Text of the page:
● Ours Was the Shining Future: The Story of the American Dream
David Leonhardt (Author)
Review via The New York Times
His striking contention, based on a study of census and income tax data by the Harvard economist Raj Chetty, is that where once the great majority of Americans could hope to earn more than their parents, now only half are likely to. Although the precise ratio depends on assumptions about inflation, and is less striking, as Chetty notes, when one takes into account shrinking household size, the general point is unquestionable. Economic progress used to define America. Now, Leonhardt finds “stagnation in nearly every reliable measure of well-being.” He arguably overstates the case — for instance, median household income has generally continued to rise — but the malady he identifies is real.
● The Price of Misfortune: Rights and Wrongs in Indebted America
Summary via publisher (U. of Chicago Press)
What can be taken from someone who has borrowed money and cannot repay? What do the victims of misfortune owe to their lenders, and what can they keep for themselves? The answers to those questions, immensely important for debtors, creditors, and society at large, have changed over time. The Price of Misfortune examines the cause of debtors’ rights in the modern United States and the struggles of reformers who fought to establish financial freedoms in law.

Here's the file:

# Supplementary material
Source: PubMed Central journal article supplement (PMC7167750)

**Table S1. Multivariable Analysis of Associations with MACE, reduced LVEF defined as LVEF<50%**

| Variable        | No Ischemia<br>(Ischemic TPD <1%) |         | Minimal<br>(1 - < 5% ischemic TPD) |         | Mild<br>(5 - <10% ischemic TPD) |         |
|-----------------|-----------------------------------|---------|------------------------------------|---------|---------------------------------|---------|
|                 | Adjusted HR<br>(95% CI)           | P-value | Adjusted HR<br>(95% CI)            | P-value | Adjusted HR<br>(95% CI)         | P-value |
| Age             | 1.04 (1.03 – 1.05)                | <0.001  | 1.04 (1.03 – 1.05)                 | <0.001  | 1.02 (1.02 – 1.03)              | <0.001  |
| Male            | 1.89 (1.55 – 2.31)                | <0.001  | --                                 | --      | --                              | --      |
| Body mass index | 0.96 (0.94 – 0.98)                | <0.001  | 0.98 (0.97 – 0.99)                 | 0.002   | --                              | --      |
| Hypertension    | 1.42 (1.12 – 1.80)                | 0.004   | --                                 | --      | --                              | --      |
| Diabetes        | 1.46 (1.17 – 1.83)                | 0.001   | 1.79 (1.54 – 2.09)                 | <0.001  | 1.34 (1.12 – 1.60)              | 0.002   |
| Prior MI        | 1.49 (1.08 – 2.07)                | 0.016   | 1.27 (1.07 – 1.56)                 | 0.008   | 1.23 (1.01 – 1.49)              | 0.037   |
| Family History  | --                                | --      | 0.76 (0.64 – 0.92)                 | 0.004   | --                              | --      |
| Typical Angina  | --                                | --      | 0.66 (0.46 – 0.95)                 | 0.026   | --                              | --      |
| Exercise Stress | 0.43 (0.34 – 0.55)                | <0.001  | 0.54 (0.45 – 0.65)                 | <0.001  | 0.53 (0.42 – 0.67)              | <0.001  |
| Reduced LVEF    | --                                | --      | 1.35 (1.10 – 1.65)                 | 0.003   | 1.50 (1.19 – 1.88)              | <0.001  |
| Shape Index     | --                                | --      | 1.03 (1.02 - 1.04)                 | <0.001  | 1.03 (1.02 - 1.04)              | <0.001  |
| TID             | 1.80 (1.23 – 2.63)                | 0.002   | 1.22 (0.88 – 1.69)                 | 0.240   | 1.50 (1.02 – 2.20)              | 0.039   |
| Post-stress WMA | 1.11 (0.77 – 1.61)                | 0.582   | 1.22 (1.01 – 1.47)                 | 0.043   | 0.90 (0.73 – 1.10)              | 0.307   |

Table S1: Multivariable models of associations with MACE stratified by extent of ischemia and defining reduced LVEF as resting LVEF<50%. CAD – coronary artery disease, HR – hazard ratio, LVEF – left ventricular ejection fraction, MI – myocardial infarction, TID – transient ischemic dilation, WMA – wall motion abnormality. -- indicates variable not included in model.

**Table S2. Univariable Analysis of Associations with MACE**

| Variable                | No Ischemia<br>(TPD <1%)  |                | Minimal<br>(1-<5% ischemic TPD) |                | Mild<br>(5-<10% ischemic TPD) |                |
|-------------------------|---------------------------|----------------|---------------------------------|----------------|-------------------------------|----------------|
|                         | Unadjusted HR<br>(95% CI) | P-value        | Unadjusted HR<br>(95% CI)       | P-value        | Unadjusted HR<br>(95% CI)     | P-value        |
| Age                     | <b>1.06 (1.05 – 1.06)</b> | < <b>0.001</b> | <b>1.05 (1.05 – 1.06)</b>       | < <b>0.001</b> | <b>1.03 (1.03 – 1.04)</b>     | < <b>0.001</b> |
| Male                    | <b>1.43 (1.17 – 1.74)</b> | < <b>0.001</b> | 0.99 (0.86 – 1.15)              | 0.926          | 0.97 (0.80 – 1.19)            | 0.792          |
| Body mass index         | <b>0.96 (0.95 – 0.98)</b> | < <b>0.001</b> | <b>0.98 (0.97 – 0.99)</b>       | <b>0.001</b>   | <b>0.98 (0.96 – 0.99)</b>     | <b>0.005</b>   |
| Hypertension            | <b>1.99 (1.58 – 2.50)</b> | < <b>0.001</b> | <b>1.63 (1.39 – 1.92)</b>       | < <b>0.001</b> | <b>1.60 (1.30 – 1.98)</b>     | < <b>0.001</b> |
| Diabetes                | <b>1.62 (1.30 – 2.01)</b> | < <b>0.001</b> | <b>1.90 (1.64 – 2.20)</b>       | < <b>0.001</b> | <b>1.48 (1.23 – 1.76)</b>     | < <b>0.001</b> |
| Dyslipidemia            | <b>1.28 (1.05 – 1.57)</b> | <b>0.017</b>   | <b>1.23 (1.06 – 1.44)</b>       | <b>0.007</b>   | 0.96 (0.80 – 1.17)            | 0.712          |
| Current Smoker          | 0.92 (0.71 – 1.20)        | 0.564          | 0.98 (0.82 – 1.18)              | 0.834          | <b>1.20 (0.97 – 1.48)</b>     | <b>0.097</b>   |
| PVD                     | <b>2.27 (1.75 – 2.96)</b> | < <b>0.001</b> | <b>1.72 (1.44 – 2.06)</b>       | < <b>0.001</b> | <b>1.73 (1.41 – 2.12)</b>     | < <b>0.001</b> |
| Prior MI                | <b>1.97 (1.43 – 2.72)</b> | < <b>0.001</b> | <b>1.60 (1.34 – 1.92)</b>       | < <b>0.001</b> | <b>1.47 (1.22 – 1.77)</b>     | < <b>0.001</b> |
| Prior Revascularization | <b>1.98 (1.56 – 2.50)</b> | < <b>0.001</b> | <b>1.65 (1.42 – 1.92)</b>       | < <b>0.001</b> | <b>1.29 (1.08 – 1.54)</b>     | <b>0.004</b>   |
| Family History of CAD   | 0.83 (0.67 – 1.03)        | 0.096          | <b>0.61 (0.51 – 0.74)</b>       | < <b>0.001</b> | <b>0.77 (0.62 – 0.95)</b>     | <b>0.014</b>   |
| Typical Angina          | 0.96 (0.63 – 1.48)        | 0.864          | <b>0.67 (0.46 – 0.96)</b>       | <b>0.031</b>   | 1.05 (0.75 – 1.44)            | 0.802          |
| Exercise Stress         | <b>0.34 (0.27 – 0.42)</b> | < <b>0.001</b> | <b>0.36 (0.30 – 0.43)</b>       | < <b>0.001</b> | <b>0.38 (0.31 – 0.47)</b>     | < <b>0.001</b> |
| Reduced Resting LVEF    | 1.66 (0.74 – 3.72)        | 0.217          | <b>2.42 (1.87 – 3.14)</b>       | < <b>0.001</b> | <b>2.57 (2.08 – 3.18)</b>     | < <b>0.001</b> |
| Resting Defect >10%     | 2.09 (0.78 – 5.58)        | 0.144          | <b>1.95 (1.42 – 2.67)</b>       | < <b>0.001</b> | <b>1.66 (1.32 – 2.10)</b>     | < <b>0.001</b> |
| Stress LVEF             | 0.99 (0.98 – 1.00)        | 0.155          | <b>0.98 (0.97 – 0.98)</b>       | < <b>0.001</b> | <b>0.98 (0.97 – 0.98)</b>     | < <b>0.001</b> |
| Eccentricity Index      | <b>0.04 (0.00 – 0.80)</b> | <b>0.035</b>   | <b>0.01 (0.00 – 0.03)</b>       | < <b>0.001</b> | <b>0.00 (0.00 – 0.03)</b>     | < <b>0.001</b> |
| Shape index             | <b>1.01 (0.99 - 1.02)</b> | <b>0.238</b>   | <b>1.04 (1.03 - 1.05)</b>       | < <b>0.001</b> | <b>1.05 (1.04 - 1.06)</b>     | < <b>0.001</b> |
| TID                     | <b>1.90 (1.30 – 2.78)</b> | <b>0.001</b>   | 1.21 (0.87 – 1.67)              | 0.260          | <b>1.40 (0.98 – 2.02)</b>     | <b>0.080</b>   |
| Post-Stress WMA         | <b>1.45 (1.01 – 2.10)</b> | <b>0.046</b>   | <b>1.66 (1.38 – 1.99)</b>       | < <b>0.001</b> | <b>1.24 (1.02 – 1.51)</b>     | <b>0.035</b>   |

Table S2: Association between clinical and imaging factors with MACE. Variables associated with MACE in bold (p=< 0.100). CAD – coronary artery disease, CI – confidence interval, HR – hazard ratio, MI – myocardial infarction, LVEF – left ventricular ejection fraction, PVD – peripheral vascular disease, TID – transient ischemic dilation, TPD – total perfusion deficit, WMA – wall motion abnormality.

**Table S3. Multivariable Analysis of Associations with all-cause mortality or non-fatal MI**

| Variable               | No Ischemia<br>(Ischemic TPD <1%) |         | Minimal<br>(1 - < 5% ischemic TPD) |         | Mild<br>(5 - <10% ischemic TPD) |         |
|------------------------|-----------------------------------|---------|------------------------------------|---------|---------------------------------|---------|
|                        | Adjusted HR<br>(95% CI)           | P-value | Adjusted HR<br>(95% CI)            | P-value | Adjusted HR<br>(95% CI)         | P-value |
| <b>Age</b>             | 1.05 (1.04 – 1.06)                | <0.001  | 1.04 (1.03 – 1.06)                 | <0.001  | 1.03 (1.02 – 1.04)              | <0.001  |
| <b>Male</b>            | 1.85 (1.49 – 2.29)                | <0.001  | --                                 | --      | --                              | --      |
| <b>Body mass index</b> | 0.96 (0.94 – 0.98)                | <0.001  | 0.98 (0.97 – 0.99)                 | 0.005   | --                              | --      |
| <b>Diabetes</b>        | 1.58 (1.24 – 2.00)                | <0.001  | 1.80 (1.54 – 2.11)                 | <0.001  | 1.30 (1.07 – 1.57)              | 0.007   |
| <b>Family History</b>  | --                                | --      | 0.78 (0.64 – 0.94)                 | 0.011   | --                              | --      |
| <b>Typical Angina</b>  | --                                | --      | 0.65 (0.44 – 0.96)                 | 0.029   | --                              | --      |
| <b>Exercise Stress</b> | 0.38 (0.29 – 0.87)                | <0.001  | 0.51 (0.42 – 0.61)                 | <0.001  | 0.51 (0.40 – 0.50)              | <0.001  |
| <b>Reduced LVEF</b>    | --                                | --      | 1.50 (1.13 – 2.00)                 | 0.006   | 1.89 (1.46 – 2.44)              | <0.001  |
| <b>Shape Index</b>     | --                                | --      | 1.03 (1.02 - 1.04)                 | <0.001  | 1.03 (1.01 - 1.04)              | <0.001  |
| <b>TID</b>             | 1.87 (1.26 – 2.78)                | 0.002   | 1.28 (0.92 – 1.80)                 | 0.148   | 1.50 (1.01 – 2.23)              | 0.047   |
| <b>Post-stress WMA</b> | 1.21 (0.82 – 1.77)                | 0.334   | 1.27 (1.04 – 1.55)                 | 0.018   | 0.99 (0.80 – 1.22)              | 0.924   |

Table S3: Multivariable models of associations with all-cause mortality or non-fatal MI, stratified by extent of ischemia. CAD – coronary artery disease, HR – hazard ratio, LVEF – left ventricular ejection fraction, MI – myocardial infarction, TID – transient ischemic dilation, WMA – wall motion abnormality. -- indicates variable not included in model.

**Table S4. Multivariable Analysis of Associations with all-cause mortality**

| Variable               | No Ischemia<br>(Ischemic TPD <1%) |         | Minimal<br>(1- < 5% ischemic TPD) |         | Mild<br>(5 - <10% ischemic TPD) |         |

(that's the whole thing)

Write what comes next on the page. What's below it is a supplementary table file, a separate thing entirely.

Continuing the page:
● The Greatest Capitalist Who Ever Lived: Tom Watson Jr. and the Epic Story of How IBM Created the Digital Age
Ralph Watson McElvenny and Marc Wortman
Interview with co-author (Wortman) via NPR.org
In the book of corporate folklore, former IBM CEO Thomas Watson Jr. deserves a special spot. Specifically, the massive gamble he took in 1964 to introduce the System/360, which had the potential to undermine his own company’s entire business model. Today on the show, an interview with author Marc Wortman on what Watson Jr.’s decision reveals about the fragile relationship between innovation and destruction.
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